A printed PC dated 1912. The street is a dirt track with no tarmac and  this photo was taken just three years after the Methodist chapel was built. The chapel site was once a wood yard with a derelict thatched barn. The Methodists used the small building across the street (the small gable behind the hedge) before having the new chapel built. This was known as the Cart shed chapel and was used for worship from the mid 19th century until the new chapel was built. Before this worship took place in the open air.

The water in the foreground was known as The Pit and was formed by natural drainage from the street and adjoining farmland.  Just beyond Malvern Terrace the building at right angles to the street was known as Cubitt’s workshop with double doors opening on to the street. On the left hand side is a farm house which had a small dairy, now Three-ways, and this is one of the older properties in the village dating from before 1750. Directly opposite to the farm was the butcher’s shop.

The Cubitt family had quite a presence in Middle Street – as well as owning the workshop, Samuel Cubitt built two of the cottages at the top of the street and George Cubitt owned Malvern terrace, and he once owned Three-ways before moving to Beacon Farm.

                                                              MIDDLE STREET 2020.

The same view in 2020. The tarmac road now has drainage connected to the mains sewer and The Pit has disappeared with drainage from the farm land going into a ditch behind the bank on the left. The chapel is now two private houses and was used for worship up to the 1950s. Behind the privet hedge in front of the chapel are the remains of a flint wall, which was part of the old thatched barn from the wood yard.  Just past the stone wall At Last has been rebuilt with an upper floor. The next property, Little-Dene, once two cottages, has been made into one but remains single storey and The Butchers Shop is now an annex to Little-Dene.  Malvern Terrace is virtually unchanged and Cubitt’s workshop is now Berlea cottage. The large doors that once opened onto the street have been bricked up and replaced with two circular leaded windows.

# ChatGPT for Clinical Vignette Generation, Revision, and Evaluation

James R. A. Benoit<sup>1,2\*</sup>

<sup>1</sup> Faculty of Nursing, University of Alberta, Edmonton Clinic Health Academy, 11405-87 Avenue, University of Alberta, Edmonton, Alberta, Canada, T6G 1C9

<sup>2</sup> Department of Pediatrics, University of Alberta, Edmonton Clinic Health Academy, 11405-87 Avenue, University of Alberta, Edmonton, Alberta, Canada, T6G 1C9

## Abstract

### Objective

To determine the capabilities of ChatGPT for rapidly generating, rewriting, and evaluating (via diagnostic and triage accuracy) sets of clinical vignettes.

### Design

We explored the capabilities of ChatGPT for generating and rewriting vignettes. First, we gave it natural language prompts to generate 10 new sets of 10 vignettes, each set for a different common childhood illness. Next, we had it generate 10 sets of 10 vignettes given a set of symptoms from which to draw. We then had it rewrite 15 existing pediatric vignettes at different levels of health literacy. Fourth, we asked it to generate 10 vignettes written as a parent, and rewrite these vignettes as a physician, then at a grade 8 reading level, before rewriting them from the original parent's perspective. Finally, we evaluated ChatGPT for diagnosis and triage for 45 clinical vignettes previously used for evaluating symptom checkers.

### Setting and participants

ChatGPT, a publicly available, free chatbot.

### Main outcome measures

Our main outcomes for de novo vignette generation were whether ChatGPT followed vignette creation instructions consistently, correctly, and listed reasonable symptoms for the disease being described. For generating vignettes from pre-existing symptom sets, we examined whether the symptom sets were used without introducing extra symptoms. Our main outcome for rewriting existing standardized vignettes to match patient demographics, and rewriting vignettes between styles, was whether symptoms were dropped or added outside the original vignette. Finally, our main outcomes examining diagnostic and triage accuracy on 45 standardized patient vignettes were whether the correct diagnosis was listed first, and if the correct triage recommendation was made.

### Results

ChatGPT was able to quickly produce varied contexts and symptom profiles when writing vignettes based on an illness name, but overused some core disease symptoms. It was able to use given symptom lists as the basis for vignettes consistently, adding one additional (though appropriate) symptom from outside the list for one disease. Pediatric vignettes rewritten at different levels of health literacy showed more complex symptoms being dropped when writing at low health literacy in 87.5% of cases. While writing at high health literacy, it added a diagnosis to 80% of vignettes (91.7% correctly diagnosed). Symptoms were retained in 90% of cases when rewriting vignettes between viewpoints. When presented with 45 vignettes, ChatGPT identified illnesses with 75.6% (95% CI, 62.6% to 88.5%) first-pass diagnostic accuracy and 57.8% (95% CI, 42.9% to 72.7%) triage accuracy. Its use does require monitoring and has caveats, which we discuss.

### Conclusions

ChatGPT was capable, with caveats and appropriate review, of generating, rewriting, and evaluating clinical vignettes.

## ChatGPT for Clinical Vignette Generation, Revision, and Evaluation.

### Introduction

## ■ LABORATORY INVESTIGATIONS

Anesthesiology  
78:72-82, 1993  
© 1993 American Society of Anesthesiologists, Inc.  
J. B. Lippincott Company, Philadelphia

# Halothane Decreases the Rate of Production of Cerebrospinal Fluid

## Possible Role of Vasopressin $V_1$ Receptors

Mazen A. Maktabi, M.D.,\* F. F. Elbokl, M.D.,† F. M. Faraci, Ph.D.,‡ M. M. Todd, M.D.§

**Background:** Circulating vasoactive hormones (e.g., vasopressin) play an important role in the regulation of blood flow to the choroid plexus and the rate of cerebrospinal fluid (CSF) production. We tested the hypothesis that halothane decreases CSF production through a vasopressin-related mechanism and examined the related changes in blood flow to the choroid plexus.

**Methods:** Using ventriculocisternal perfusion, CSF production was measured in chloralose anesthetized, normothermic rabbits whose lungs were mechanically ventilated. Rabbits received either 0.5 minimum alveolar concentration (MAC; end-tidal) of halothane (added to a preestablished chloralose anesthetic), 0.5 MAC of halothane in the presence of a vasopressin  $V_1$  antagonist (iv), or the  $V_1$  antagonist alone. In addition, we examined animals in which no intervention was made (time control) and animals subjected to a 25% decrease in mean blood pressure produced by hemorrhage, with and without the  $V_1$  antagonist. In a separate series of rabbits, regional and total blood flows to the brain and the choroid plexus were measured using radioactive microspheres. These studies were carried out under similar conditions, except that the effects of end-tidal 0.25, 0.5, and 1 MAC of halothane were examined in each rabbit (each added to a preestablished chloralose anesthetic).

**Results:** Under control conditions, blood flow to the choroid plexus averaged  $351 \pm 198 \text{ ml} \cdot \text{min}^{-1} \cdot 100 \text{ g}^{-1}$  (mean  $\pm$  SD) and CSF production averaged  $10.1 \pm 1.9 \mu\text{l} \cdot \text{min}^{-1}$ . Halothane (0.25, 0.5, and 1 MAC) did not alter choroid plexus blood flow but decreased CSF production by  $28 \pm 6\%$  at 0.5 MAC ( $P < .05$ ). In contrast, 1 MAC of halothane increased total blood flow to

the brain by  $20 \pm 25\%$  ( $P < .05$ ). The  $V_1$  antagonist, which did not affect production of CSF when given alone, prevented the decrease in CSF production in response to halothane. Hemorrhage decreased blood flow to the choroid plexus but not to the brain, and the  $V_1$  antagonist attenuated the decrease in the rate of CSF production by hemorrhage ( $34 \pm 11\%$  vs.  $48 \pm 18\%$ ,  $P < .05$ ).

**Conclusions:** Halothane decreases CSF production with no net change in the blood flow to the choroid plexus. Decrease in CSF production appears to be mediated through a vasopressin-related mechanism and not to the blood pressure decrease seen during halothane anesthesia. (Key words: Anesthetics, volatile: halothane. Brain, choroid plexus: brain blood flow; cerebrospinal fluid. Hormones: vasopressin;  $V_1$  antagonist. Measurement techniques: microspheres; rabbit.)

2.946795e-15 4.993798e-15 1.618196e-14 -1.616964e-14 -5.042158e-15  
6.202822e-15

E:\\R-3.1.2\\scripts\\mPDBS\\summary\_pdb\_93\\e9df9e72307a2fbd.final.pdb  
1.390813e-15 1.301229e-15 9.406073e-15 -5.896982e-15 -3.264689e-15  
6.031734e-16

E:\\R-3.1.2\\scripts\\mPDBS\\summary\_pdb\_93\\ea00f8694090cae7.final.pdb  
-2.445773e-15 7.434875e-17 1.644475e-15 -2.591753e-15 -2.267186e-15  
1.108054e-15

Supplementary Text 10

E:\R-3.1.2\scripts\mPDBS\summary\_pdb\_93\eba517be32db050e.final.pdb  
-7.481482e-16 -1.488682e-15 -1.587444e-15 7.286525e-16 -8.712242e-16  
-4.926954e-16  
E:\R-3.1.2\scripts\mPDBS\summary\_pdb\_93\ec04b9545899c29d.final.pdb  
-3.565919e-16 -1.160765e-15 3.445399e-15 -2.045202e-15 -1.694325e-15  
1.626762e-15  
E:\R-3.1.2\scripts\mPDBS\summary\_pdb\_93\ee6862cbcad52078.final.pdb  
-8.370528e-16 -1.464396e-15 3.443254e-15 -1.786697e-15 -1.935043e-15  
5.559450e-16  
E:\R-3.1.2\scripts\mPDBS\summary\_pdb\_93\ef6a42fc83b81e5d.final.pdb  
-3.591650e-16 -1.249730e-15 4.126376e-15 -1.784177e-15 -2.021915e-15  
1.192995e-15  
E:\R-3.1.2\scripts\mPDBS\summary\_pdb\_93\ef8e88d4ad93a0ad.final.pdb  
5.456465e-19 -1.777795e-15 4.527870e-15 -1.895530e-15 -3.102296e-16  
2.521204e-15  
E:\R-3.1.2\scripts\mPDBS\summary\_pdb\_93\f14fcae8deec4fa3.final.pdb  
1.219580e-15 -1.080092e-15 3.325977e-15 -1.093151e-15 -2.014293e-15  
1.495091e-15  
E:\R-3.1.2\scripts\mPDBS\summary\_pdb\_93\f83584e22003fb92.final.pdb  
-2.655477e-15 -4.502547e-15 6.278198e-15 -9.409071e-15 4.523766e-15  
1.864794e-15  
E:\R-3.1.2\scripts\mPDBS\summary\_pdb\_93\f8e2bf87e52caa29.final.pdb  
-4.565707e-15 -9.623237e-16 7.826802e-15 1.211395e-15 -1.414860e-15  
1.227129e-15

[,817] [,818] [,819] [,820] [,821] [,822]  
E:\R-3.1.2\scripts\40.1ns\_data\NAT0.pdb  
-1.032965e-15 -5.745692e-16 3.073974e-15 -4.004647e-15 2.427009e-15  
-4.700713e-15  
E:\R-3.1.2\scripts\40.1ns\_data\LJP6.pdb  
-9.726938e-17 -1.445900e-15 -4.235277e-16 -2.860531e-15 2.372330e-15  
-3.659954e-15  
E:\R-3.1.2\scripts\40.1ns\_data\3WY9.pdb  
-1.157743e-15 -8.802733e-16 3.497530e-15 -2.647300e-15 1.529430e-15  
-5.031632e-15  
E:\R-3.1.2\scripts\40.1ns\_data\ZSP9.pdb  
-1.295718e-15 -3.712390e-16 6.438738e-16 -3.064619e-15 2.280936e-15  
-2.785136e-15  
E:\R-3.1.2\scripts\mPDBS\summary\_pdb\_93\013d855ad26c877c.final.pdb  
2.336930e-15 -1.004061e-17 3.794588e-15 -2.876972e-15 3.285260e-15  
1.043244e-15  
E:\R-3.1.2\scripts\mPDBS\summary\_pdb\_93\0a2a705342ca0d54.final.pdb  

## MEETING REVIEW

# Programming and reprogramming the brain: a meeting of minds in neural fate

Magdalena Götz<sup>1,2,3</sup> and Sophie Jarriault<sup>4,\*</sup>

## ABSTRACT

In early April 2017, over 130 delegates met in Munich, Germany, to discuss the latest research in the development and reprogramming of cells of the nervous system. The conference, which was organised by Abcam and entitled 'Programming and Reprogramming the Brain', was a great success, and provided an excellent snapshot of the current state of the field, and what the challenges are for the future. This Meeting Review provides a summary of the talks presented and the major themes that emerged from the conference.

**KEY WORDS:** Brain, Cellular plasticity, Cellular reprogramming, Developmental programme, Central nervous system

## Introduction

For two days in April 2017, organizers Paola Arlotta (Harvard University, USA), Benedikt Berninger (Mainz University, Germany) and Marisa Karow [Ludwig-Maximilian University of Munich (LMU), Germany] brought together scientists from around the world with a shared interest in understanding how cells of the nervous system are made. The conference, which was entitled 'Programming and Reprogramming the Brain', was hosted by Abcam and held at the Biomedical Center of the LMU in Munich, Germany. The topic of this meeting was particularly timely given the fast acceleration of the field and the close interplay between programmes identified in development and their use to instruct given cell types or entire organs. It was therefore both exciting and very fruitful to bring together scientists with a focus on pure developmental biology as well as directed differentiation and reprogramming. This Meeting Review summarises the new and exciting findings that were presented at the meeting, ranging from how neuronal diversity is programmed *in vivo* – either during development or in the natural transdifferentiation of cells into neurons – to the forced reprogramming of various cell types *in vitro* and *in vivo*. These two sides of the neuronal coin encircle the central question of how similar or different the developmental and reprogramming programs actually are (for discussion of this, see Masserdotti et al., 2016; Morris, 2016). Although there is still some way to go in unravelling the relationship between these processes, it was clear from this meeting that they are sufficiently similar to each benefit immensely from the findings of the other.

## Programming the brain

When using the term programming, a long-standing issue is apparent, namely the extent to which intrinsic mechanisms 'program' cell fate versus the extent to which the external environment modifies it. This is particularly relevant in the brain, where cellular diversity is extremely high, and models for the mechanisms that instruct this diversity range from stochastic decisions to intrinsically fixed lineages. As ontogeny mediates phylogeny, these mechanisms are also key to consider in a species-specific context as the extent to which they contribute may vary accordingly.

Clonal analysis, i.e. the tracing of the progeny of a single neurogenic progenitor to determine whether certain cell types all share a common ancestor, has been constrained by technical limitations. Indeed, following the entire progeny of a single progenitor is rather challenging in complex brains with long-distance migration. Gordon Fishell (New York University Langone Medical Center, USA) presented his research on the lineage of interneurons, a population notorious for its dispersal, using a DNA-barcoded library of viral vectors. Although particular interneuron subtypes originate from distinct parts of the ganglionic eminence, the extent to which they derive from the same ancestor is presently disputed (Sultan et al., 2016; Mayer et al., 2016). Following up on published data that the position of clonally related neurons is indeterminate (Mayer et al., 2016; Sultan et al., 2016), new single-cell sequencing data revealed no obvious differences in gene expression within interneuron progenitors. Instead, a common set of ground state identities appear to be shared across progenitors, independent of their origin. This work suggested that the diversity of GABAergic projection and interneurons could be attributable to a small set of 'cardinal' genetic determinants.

On the other side of the street Three-ways was a holiday home from the around 1910 up until now and was owned by the Fowler family from Leicester until 1990 when it was then purchased by my sister.  During what became a major refurbishment much of the original farm house came to light.  The original dairy became the kitchen with a trap door leading up into the hay loft, which is now a bedroom.  Opening up one of the fire places revealed an old bread oven and many of the original timbers have been preserved throughout the house including old ship’s spars in the roof, which presumably were salvaged from shipwrecks from the local beach. There was once a rumour that a smugglers’ tunnel led to a cellar under the cottage but alas we found no evidence of this.

When the Fowlers owned Three-ways the Cart Shed chapel was turned into an annex with four beds for extra visitors, and in the 1950s and 60s there were a lot of visitors in the summer months. My father used to maintain the house and gardens and I continued this until recently.